Watching the Diving finals of the Olympics I was intrigued to learn that divers lose points for making a big splash when they enter the water. The aim is ideally to hit the water without any disturbance whatsoever.

Actors should be like that with the air around them on stage. As you move from A to B, do you disturb the air with ‘big splashes’ or are you more lithe, creating almost no trace? Great dancers have that quality. So do martial artists. They have to find the simplest path from one point to another.

Of course there are moments on stage when you need to create a positive storm around yourself – Stanley Kowalski flying into a rage, Lear defying the weather, Romeo avenging the death of Mercutio – but these moments of air turbulence are only effective when they are surrounded by economy and grace. Otherwise the audience would be exhausted.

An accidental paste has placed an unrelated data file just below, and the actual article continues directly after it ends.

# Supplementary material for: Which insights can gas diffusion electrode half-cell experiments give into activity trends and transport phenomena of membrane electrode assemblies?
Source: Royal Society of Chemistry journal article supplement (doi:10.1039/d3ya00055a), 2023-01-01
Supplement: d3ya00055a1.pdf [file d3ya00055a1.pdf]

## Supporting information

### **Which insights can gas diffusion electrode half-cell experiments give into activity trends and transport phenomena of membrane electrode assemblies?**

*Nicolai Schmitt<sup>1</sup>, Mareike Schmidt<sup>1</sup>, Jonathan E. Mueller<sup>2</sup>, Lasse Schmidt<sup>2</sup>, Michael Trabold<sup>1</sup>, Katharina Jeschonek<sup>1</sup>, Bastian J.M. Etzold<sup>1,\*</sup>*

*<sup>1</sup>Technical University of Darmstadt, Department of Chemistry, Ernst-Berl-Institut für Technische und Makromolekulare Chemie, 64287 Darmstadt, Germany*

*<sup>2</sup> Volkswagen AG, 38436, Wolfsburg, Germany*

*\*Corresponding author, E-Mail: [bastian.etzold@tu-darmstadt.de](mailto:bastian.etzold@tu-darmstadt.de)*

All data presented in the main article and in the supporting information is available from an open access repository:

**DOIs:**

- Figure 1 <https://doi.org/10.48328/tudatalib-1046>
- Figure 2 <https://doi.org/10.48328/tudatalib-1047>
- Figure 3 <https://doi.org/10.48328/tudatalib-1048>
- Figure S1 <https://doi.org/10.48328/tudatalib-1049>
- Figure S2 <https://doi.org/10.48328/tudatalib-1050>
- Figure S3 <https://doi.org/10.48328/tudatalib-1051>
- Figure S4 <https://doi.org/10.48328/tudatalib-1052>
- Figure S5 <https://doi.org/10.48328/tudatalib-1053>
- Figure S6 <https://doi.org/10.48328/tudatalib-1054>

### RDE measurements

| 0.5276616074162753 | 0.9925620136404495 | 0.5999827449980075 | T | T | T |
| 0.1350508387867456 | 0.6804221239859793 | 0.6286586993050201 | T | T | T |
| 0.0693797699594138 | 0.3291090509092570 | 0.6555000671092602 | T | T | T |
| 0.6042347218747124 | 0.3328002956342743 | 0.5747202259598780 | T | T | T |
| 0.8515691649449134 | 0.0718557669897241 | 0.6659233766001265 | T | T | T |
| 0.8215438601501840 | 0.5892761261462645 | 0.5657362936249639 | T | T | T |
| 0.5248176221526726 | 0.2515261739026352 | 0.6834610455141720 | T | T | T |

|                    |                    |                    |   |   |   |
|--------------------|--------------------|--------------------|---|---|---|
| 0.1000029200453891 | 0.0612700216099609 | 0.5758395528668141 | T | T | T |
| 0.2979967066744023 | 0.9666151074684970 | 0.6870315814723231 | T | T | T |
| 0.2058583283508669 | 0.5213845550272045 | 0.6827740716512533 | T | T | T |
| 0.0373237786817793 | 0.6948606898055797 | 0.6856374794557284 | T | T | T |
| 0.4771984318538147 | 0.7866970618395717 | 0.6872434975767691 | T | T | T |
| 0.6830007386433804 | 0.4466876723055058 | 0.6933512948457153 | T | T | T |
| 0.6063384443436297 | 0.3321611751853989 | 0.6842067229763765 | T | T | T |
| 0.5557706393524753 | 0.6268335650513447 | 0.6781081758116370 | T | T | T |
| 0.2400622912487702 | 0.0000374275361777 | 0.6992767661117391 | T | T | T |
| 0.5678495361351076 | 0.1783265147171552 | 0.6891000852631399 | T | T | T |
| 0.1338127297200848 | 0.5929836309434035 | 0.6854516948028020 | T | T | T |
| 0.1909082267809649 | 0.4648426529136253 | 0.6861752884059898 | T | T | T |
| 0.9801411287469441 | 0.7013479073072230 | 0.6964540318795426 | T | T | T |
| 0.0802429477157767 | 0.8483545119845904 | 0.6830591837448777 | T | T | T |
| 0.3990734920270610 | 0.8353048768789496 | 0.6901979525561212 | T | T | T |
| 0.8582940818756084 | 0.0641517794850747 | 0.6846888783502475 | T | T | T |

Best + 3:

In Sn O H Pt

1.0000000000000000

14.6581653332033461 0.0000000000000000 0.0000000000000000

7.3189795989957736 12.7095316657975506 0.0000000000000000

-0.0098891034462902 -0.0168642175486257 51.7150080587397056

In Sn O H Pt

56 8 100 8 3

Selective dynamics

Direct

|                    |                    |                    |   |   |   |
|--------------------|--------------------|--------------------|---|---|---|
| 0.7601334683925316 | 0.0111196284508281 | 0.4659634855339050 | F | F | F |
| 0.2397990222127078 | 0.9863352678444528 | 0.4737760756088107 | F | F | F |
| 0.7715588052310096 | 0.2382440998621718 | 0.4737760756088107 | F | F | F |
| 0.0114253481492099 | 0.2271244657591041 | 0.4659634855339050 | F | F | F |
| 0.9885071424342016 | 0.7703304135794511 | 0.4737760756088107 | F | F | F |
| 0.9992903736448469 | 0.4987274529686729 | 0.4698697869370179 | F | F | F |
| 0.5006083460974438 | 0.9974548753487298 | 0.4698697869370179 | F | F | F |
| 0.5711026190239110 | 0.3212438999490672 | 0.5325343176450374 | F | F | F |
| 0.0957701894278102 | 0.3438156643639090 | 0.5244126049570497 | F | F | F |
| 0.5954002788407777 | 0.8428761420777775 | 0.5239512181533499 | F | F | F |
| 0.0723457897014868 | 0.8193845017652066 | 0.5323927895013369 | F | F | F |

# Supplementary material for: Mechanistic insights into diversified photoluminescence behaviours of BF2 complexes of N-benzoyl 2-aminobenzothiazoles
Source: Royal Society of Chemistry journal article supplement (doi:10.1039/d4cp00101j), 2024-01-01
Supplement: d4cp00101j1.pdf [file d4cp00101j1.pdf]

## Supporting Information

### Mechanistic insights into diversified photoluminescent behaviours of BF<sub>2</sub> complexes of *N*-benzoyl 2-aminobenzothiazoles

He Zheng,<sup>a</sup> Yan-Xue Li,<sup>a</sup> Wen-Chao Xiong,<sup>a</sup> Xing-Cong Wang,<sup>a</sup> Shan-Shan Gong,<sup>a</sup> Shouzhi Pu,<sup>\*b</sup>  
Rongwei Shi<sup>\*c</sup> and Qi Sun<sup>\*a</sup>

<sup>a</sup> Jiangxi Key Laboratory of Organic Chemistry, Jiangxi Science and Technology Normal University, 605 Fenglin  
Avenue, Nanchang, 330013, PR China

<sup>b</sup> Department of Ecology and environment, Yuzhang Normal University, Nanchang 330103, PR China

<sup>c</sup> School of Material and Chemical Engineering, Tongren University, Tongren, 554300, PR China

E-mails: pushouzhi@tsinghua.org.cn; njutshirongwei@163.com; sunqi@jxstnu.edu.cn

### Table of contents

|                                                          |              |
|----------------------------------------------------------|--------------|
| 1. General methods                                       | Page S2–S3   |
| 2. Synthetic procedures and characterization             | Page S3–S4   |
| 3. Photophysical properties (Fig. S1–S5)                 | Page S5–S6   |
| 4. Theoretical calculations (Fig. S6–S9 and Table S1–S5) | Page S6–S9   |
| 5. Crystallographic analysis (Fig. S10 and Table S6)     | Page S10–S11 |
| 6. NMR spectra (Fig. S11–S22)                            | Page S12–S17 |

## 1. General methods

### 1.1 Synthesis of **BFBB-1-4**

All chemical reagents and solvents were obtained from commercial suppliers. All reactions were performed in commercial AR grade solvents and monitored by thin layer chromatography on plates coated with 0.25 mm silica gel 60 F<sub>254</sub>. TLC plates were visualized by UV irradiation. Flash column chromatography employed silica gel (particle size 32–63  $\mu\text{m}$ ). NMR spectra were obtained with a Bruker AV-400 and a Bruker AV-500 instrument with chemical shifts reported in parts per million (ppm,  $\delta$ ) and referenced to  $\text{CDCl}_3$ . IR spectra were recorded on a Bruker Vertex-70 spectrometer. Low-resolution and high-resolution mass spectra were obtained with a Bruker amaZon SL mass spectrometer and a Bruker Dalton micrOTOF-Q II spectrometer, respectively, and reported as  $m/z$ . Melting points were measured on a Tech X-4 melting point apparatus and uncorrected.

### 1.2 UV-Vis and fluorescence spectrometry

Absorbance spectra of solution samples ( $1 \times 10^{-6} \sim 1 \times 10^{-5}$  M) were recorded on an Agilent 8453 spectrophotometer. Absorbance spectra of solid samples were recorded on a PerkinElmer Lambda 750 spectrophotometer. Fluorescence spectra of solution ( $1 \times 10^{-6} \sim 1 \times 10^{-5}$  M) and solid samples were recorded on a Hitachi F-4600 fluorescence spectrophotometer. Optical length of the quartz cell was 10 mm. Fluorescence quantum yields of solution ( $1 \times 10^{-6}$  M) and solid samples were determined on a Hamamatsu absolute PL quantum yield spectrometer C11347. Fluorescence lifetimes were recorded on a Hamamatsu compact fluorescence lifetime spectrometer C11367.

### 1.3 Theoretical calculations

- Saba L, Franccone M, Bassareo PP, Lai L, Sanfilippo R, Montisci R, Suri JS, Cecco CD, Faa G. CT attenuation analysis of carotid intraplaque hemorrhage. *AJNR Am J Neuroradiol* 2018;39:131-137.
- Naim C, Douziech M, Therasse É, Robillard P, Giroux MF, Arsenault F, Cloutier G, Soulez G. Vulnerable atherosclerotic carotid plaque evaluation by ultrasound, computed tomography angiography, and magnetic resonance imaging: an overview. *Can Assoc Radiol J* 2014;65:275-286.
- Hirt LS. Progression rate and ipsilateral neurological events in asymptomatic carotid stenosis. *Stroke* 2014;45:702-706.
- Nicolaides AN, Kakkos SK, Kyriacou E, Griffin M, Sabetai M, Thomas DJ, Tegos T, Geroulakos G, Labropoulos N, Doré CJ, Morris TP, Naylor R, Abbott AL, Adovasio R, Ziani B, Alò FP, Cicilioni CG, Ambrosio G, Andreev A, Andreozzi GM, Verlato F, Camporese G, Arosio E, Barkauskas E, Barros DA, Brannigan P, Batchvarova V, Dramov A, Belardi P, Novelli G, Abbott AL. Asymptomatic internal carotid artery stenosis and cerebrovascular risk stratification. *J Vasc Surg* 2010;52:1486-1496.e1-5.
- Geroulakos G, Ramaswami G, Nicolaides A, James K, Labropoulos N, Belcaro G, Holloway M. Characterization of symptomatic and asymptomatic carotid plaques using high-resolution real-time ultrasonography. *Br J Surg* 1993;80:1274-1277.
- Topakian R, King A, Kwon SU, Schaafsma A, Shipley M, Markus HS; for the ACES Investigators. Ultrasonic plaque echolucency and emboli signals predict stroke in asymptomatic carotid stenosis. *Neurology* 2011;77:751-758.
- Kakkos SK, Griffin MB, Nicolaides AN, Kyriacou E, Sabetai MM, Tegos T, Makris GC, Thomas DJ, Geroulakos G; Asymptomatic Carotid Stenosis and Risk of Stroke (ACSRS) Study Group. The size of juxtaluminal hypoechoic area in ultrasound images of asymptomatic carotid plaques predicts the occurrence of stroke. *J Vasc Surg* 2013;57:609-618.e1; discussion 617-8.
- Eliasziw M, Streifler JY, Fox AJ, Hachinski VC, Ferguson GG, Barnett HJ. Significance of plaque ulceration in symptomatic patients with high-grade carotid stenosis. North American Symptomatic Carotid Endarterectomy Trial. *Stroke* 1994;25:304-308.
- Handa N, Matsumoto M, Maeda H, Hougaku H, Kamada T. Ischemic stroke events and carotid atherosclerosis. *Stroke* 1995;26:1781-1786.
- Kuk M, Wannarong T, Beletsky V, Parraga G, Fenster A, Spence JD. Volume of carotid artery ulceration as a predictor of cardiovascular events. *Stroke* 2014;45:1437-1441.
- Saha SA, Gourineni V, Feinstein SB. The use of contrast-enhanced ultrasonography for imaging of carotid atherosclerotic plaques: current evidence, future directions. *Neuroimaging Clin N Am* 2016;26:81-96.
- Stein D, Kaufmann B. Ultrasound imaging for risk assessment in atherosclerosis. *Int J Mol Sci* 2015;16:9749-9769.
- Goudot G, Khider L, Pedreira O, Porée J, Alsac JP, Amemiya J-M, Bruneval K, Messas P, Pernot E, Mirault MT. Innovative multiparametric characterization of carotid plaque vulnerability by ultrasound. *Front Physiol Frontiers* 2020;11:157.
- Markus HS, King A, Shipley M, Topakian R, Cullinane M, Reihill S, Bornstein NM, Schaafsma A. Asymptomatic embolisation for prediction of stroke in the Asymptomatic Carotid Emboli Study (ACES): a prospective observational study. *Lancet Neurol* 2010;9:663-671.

And how do you get from one to the other? Play the transition well and you can have your audience mesmerized to watch that jagged storm gradually subside back into grace. Edmund Kean was famed as a master of the subsiding emotion. As one contemporary critic (G.H.Lewes) wrote, “His instinct taught him what few actors are taught –that a strong emotion, after discharging itself in one massive current, continues for a time expressing itself in feebler currents. The waves are not stilled when the storm has passed away. There remains the ground-swell troubling the depths. In watching Kean’s quivering muscles and altered tones you felt the subsidence of passion. The voice was calm but there was a tremor in it; the face might be quiet, but there were vanishing traces of the recent agitation.”